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Washington, D.C. — Identifying the core personal finance information all U.S. consumers should know and learning how education, social and behavioral factors affect financial well-being were among the 10 financial education research priorities released this week by the U.S. departments of Treasury and Agriculture.

The list was developed during the National Research Symposium on Financial Literacy and Education, held Oct. 6-7 in Washington, DC.

Twenty-nine experts from the fields of behavioral and consumer economics, financial risk assessment and financial education evaluation, including researchers from the Center for Community Capital, were invited to summarize existing research findings, identify gaps in the literature and define and prioritize questions for future analysis. Participants included academics from public and private universities and scholars and administrators from nonprofit organizations and government officials. Numerous individuals also attended as observers.

The goal of the symposium was to provide a viewpoint on academic research priorities that could inform outcomes-based financial education, relevant public policy and effective practices leading to personal and family financial security.

The symposium is one of the calls to action in the federal government’s “Taking Ownership of the Future: The National Strategy for Financial Literacy (2006)” developed by the 20-agency Financial Literacy and Education Commission.

The 10 research recommended research priorities are:

  • What are the core principles of personal finance that every consumer needs to know, and what evidence exists that current standards are effective in helping people reach their financial goals?
  • What are reliable and valid measures of the success for financial education, and what measures should be used to document success for various financial topic areas and target audiences?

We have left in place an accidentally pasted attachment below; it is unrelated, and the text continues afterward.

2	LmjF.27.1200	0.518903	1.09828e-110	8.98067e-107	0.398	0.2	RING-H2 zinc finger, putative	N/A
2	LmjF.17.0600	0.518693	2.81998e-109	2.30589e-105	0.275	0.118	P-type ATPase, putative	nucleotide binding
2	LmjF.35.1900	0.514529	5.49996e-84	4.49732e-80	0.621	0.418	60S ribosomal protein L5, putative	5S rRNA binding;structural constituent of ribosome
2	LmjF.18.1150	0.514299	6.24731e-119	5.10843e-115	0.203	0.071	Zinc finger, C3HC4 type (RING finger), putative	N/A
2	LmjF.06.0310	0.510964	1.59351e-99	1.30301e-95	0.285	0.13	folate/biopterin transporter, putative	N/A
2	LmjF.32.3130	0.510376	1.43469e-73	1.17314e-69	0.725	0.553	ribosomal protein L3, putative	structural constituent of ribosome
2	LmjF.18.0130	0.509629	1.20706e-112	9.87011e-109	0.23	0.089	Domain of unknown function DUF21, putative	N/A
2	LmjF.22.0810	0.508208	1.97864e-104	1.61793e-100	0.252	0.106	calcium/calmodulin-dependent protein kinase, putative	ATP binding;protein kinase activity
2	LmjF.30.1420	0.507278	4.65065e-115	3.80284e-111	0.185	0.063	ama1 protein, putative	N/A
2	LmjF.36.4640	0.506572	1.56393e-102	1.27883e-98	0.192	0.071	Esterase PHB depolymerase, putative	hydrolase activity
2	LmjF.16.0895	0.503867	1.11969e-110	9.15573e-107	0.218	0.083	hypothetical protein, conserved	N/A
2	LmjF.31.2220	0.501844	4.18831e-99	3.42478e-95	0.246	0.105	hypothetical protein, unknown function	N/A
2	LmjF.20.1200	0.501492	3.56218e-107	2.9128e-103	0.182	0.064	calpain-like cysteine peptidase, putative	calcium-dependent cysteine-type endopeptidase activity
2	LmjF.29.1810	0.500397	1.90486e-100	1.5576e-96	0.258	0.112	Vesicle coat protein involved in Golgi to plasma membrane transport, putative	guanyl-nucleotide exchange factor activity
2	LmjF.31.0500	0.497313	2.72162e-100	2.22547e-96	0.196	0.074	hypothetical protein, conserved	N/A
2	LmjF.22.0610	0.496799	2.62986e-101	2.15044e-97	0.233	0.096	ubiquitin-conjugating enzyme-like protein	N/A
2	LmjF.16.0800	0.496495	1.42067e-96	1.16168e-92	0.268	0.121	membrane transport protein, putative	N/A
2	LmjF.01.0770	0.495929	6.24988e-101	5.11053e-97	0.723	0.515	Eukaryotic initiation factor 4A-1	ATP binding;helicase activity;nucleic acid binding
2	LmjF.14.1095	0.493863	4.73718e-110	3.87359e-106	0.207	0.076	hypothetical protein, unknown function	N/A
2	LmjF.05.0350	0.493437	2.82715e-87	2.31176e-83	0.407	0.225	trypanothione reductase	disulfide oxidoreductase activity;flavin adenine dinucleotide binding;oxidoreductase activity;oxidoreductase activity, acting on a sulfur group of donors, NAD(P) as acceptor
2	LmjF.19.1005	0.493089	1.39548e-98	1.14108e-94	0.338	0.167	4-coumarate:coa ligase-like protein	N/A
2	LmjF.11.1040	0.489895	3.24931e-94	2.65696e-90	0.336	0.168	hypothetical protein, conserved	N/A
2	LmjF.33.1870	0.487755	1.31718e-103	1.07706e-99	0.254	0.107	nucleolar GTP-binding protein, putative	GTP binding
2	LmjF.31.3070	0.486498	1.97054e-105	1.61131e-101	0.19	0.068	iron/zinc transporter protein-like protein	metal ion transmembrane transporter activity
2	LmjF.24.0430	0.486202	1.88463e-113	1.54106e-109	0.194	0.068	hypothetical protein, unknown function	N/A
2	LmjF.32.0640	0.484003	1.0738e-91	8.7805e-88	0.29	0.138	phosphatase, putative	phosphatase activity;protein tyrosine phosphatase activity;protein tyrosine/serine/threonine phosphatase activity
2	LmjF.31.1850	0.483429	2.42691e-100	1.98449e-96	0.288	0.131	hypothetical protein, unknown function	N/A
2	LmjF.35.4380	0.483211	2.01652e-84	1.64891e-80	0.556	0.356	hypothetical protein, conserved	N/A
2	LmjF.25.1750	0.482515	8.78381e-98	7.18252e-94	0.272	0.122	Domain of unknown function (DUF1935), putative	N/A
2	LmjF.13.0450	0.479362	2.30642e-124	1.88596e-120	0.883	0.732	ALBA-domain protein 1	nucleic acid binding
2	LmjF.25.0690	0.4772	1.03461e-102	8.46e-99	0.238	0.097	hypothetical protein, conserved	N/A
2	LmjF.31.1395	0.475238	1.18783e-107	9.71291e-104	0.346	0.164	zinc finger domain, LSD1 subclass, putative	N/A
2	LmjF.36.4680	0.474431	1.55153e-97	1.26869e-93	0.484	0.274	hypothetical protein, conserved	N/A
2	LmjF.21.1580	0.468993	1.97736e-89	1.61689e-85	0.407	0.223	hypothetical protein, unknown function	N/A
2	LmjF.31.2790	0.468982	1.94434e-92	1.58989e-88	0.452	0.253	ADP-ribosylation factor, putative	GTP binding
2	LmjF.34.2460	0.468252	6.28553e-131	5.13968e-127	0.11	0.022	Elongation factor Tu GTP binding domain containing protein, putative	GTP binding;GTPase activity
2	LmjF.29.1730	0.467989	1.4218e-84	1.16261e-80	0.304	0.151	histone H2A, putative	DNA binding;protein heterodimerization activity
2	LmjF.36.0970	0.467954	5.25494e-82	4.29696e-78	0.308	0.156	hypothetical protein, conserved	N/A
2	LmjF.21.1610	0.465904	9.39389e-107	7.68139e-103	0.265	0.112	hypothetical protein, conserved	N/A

• What is the most effective mix of financial education, decision framing, and regulation to improve financial well-being?
  • How do socialization factors, including conflicting messages, influence and affect household financial behavior?
  • How do financial socialization and education processes vary by gender, life stage, race, socioeconomic status, education and ethnicity?
  • How do financial education, financial socialization, and psychological factors interact, and how does this interaction affect financial well being?
  • How do people perceive and manage risk, and what are their financial risk tolerances and capacities?
  • How do economic shocks alter risk exposure and risk management choices both at the individual and household levels?
  • What are effective coping strategies and behaviors during times of financial crisis?
  • How do relevant theories of financial behaviors and attitudes apply to various subgroups (i.e., age, socioeconomic status and ethnicity) and contribute to improving financial well-being currently and over time?


Details on the symposium and priorities are available at

The UNC Center for Community Capital is the leading center for research and policy analysis on the transformative power of capital on households and communities. The center’s in-depth analyses in the areas of mortgage finance, consumer financial services and community development finance help policymakers, advocates and the private sector find sustainable ways to expand economic opportunity to more people, more effectively. For more information, or call (919) 843-2140.

Topics(s): Financial Capability, Financial Inclusion, Savings & Asset-Building
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